Shelley Wood

May 04, 2012

May 4, 2012 (Geneva, Switzerland) — Leadership at the World Heart Federation (WHF) could be forgiven for wanting a little R&R in the wake of its biannual World Congress of Cardiology, which wrapped up two weeks ago in Dubai. Instead, the WHF has been on the defensive following a news story in last week's Jerusalem Post claiming that more than a dozen Israeli cardiologists had, at the last minute, been denied visas to attend Dubai, while the few who attended were forbidden to leave their hotels [1].

Johanna Ralston

In an interview with heartwire , WHF CEO Johanna Ralston acknowledged that a total of eight Israeli delegates had applied for visas--and five had had them denied last minute--but stressed that the original article in the Post contained "some misinformation" and "inaccuracies."

"We were disappointed that more visas were not granted," she said. "We had hoped for a larger number of visas to be approved, and we apologize to our colleagues in Israel who did not receive word regarding the status of visa applications until just before the congress was to start."

Prof Chaim Lotan, head of cardiology at Hadassah University Medical Center, who did not attend the WCC but was involved in arrangements for some of his colleagues, told the Post that three cardiologists who did manage to get visas "did not have an easy time."

"They were not allowed to leave the hotel and their visas were held during their visit," Lotan was quoted in the Post. "Apparently the government of Dubai did not want Israelis there."

One of those Israeli cardiologists, however, Dr Sami Viskin (Tel Aviv Sourasky Medical Center), told heartwire that "the Israeli physicians who actually entered Dubai . . . were treated in the best way possible. They were very friendly at all times."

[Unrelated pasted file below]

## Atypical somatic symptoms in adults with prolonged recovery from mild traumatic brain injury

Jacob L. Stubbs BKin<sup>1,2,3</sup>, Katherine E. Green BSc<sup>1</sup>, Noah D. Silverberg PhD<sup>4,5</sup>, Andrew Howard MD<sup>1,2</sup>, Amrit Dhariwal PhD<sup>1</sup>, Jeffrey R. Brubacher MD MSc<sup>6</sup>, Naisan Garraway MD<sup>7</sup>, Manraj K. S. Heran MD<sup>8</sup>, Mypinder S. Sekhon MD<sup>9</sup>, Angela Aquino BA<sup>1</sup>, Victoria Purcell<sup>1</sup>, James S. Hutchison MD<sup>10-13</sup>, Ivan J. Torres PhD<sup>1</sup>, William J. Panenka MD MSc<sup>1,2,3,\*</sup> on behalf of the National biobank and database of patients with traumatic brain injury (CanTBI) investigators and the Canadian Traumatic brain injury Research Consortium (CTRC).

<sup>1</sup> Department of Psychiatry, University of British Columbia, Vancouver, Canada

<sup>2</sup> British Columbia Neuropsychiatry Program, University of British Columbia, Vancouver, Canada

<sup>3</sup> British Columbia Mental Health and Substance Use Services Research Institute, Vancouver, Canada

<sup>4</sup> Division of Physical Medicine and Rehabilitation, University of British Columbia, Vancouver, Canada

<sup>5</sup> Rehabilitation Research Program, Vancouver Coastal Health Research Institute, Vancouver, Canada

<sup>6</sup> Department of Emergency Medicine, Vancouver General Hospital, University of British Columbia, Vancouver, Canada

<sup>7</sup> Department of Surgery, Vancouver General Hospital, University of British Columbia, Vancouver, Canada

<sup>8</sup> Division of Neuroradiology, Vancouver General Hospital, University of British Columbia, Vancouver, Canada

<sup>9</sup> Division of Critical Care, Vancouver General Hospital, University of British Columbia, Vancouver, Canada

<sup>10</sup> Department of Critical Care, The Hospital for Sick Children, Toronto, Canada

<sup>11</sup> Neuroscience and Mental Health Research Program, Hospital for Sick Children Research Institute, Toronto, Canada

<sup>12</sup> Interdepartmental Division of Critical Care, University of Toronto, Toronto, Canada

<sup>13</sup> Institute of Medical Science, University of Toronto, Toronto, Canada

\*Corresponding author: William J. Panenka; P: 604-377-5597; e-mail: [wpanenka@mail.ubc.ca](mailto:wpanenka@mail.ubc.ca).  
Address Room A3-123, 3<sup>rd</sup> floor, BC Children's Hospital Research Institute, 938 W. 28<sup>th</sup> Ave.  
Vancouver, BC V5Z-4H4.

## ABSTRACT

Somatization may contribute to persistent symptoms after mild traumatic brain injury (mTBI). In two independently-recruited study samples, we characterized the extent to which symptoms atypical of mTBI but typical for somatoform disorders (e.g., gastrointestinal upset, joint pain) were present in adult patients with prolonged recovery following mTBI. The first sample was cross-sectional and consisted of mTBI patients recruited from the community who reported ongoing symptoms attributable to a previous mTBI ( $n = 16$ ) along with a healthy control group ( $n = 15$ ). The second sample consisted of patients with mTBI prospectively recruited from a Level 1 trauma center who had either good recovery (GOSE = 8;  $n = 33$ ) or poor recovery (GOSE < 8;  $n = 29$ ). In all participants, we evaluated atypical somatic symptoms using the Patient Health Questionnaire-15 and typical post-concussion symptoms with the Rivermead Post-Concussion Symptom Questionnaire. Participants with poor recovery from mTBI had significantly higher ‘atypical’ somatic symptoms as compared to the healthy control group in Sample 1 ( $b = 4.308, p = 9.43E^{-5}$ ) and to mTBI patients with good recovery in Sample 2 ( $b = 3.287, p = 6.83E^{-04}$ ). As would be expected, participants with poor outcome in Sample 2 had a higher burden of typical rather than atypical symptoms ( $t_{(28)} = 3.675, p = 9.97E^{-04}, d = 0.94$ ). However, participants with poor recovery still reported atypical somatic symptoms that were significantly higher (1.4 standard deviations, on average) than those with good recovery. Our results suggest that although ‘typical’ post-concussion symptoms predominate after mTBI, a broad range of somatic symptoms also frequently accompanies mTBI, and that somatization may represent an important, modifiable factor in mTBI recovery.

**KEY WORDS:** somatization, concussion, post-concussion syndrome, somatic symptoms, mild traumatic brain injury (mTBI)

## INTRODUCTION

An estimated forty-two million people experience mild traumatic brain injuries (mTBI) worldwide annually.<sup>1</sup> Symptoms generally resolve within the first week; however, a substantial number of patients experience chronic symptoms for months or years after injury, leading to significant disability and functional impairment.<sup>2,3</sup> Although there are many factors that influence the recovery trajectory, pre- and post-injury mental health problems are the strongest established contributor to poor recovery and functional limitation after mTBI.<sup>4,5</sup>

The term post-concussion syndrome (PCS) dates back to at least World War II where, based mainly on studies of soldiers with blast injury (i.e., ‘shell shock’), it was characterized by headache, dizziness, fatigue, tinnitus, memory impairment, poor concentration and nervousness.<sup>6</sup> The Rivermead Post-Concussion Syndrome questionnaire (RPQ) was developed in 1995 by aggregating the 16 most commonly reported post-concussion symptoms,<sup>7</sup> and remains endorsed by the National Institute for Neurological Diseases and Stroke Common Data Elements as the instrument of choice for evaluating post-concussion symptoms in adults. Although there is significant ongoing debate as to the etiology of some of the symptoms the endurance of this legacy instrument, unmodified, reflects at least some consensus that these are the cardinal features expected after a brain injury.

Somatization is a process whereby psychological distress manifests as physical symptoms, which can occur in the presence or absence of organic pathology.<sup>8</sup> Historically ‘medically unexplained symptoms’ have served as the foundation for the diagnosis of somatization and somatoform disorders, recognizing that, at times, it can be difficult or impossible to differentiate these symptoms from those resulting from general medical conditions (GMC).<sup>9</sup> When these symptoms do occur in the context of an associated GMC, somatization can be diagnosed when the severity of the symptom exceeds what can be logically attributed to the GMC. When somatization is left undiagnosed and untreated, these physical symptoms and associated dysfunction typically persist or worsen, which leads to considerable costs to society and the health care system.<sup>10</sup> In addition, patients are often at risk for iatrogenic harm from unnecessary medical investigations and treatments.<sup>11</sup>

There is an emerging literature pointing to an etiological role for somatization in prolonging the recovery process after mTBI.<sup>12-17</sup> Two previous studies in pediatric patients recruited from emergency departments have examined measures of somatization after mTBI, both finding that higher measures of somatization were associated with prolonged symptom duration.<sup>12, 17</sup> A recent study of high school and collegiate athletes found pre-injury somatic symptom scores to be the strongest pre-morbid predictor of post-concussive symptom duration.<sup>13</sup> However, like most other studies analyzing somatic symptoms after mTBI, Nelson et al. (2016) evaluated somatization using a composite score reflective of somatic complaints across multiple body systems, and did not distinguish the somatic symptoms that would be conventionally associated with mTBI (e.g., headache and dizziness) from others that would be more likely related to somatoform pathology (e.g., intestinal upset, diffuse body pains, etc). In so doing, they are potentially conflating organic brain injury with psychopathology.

Viskin also wrote to the Post, calling Lotan's statement "completely inaccurate."

"We were not only allowed to leave the hotel but were actually given VIP tours of Dubai city, and I have photographs at the top of the Burj Khalifa showing the three of us with our friendly Dubai escort," Viskin said in his email. "From the minute we landed in Dubai to the minute we left, we were escorted and protected by Dubai escorts and guards in the friendliest manner. . . . Those of us who were lucky to enter Dubai have only good words about the way we were treated there. The escort and policemen assigned to cover our security needs were not merely courteous or polite, they were forthcoming and openly friendly."

Post reporter Judy Siegel-Itzkovich has since written a follow-up story quoting Viskin [2].

An Abrupt Change of Plans

Dr Khaskia Abid (Heart Rehab Center at Meir Hospital, Kfar Saba) was one of the cardiologists whose visa was denied. He told heartwire in an email early Thursday morning that he was "very disappointed."

"I signed up for the WCC a few months ago, along with several doctors and cardiologists, Arab and Jews. I paid good money, and I canceled a lot of work programs to be able to attend."

He said the WHF had promised to arrange his visa, yet on the night before leaving, he received an email from Dubai authorities saying his visa had been denied.